Dentistry has advanced to the point in which pain is almost a thing of the past
Powerful pain-killing medications known as anesthetics not only help a patient avoid discomfort during a procedure, but post-operatively as well. Some patients, especially children, may require higher doses of anesthetic than others.
- Analgesics – These are also called pain relievers and include common non-narcotic medications such as ibuprofen and aspirin. Analgesics are usually used for mild cases of discomfort, and are typically prescribed following such procedures as a root canal or tooth extraction.
- Anesthetics – Anesthetics can either be topically applied, injected or swallowed. Dentists often apply topical anesthetics with a cotton swab to an area of the mouth where a procedure such as a restoration will be performed. This numbs the affected area. Topical anesthetics are used in many dental procedures such as tooth restoration. Topical anesthetics also are used to prepare an area for injection of an anesthetic. Novocaine and Lidocaine are the most common kind of injectable anesthetics. Such medications block the nerves from transmitting signals and are used for more major types of procedures, such as fillings and root canals.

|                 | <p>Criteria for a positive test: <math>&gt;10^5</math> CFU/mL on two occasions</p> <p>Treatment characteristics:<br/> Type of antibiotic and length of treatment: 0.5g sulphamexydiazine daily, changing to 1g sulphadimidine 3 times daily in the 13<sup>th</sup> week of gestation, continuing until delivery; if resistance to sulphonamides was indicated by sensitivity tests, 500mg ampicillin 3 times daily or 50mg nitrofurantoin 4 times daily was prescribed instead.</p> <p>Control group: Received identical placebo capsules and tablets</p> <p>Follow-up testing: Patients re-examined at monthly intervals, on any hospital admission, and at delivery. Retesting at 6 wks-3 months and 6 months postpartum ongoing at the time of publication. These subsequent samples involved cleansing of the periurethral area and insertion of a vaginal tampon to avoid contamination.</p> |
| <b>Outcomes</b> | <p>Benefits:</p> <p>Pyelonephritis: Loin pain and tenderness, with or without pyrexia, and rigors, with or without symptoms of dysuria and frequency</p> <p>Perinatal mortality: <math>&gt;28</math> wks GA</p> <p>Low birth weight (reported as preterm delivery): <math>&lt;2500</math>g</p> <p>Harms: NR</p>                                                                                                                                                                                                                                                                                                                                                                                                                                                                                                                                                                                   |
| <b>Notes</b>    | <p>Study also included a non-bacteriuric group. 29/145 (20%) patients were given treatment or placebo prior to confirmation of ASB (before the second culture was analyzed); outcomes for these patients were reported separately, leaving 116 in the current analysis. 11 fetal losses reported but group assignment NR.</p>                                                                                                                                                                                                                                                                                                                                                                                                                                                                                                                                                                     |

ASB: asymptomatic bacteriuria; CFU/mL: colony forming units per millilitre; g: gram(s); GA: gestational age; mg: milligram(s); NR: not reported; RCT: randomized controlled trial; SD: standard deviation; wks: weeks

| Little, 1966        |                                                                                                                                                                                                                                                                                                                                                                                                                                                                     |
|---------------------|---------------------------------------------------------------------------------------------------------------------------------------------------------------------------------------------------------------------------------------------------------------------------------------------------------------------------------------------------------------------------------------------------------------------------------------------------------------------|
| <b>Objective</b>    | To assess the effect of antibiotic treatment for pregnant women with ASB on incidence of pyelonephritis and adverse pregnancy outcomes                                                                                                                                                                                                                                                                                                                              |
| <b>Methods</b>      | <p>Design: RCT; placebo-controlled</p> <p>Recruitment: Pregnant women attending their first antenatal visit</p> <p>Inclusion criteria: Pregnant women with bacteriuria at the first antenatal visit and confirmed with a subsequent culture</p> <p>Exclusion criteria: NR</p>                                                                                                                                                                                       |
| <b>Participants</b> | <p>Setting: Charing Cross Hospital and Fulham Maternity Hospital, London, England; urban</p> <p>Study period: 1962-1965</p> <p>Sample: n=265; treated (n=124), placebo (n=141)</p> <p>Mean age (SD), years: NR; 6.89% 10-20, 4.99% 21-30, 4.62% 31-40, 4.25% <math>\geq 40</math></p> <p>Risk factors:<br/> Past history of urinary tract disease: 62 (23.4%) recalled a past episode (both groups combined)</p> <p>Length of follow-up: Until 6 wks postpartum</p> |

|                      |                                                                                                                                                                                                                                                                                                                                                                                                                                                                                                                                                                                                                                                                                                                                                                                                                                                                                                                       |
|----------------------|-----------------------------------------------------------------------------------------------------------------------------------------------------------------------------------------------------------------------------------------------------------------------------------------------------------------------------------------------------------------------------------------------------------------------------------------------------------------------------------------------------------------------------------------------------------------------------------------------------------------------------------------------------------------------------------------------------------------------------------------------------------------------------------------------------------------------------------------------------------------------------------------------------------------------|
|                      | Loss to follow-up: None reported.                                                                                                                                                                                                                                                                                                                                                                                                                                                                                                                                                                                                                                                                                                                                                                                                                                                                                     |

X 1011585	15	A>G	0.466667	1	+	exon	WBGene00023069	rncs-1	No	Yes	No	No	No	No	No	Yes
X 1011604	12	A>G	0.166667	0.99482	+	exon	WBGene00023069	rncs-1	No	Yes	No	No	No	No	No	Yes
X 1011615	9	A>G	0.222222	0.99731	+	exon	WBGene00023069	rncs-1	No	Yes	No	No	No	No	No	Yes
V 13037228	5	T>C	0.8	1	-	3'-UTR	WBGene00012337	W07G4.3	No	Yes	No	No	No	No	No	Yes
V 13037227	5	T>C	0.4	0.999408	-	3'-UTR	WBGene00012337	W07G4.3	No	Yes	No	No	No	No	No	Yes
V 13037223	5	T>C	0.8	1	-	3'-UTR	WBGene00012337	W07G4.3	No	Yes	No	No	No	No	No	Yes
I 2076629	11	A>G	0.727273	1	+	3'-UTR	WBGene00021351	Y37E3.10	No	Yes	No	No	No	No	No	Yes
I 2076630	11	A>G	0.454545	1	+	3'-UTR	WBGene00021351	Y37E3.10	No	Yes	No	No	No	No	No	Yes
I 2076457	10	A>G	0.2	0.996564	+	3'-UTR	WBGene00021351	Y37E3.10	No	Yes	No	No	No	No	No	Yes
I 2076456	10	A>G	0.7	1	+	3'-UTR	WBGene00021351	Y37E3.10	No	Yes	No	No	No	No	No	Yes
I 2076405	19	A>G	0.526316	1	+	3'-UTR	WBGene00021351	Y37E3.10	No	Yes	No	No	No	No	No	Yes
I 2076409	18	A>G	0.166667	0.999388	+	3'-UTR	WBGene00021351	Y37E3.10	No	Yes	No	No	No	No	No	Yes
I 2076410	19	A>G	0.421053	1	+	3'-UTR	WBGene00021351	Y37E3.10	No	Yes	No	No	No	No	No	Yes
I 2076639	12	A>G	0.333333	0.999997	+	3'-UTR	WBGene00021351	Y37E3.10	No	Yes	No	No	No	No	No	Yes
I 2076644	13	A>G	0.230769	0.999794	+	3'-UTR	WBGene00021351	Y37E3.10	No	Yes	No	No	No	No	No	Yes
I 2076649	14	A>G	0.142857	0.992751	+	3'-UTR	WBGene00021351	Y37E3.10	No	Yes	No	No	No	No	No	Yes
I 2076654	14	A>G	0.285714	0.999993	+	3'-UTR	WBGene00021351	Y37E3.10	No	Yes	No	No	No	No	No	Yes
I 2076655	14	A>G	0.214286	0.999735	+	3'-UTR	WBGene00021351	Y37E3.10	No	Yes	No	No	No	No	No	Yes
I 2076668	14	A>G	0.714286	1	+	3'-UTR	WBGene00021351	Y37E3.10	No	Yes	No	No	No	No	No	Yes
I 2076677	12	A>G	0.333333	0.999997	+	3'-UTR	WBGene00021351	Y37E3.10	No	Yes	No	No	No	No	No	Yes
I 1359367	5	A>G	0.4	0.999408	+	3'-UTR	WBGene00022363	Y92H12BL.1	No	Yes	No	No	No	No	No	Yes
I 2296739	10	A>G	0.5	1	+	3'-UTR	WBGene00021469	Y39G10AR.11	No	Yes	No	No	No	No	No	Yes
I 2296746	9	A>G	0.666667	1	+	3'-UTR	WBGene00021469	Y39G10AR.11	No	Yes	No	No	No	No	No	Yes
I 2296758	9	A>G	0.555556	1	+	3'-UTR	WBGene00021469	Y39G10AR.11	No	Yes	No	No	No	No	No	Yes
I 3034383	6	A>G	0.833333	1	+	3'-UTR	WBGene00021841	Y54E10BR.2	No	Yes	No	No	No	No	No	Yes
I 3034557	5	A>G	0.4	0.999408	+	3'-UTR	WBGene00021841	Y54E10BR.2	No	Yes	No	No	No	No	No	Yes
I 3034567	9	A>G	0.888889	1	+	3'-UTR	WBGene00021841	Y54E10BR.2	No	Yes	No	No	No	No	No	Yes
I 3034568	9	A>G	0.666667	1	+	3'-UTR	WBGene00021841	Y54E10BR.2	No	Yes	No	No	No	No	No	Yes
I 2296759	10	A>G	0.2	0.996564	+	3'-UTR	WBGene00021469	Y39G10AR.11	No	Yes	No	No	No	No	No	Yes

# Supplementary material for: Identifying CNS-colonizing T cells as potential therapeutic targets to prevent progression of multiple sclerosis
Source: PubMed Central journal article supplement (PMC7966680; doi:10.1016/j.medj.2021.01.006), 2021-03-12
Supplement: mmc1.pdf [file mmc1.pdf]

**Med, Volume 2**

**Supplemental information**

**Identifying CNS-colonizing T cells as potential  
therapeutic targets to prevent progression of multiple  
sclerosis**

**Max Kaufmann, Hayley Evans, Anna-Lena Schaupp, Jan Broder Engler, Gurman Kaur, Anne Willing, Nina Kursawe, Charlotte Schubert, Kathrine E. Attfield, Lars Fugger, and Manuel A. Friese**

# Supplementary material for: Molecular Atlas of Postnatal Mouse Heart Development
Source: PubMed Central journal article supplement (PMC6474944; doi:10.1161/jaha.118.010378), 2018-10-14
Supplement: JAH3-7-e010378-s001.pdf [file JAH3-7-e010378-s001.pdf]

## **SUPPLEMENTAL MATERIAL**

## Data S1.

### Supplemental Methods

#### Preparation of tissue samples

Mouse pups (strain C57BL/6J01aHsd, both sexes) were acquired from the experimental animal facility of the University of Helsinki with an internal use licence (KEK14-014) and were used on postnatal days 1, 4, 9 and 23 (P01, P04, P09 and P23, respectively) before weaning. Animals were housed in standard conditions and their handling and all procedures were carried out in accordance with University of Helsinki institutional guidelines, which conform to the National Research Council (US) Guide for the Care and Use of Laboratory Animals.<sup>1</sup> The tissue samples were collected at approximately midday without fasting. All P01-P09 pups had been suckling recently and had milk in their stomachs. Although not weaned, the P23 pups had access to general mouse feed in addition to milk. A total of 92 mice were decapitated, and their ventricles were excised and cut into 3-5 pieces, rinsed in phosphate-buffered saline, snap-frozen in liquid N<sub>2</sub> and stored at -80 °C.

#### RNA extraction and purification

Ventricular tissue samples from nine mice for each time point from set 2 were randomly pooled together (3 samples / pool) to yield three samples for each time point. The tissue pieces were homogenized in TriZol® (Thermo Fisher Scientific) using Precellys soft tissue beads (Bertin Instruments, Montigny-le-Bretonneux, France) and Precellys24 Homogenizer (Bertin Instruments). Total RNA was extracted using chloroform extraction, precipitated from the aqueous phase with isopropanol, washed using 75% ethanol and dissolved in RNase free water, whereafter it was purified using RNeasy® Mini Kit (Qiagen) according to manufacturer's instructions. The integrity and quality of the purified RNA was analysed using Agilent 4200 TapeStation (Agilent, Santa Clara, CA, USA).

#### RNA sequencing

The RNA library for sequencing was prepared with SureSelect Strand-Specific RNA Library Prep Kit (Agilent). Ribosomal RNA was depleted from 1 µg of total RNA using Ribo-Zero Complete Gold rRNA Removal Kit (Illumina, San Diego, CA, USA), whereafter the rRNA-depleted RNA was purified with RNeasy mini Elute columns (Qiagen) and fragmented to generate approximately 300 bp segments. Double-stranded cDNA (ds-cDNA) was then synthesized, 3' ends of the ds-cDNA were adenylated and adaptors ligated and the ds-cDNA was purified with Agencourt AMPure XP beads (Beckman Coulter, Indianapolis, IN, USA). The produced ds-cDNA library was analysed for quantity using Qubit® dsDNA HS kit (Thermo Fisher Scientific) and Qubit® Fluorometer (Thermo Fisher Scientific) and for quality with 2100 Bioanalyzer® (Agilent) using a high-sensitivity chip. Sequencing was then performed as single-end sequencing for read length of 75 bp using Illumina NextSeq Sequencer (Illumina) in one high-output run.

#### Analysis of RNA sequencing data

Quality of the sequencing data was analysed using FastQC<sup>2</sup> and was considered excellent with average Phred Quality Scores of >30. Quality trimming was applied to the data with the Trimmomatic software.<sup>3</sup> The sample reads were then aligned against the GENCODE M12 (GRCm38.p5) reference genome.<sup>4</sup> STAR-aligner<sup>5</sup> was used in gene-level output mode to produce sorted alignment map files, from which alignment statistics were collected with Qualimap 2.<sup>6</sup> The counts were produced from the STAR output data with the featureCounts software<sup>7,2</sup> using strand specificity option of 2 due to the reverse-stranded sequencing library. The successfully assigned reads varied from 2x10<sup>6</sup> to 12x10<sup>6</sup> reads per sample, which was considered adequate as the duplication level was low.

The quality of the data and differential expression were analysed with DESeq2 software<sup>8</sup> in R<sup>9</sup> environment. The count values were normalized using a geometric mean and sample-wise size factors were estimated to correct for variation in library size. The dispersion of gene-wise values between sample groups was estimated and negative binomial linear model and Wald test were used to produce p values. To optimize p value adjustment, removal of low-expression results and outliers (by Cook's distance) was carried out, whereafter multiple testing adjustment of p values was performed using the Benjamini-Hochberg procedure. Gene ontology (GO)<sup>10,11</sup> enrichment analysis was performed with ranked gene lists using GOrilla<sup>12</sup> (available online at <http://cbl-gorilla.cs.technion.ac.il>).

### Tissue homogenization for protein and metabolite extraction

- Sedatives – Sedatives are medications designed to help a patient relax. This can be a powerful tool in avoiding pain. Sedatives are sometimes used in combination with other types of pain relievers and pain-killers. Nitrous oxide, or laughing gas, is a form of sedative. Conscious sedation involves administering a sedative while the patient is alert and awake. Deep sedation or general anesthesia involves administering a medication that places a patient in a state of monitored and controlled unconsciousness.
Types of sedatives include:
- Intravenous (IV) sedation – Usually in the form of a tranquilizing agent; patients given IV sedation are often awake, but very relaxed.
- Inhalation sedation – a form of sedation in which nitrous oxide is administered through a special mask.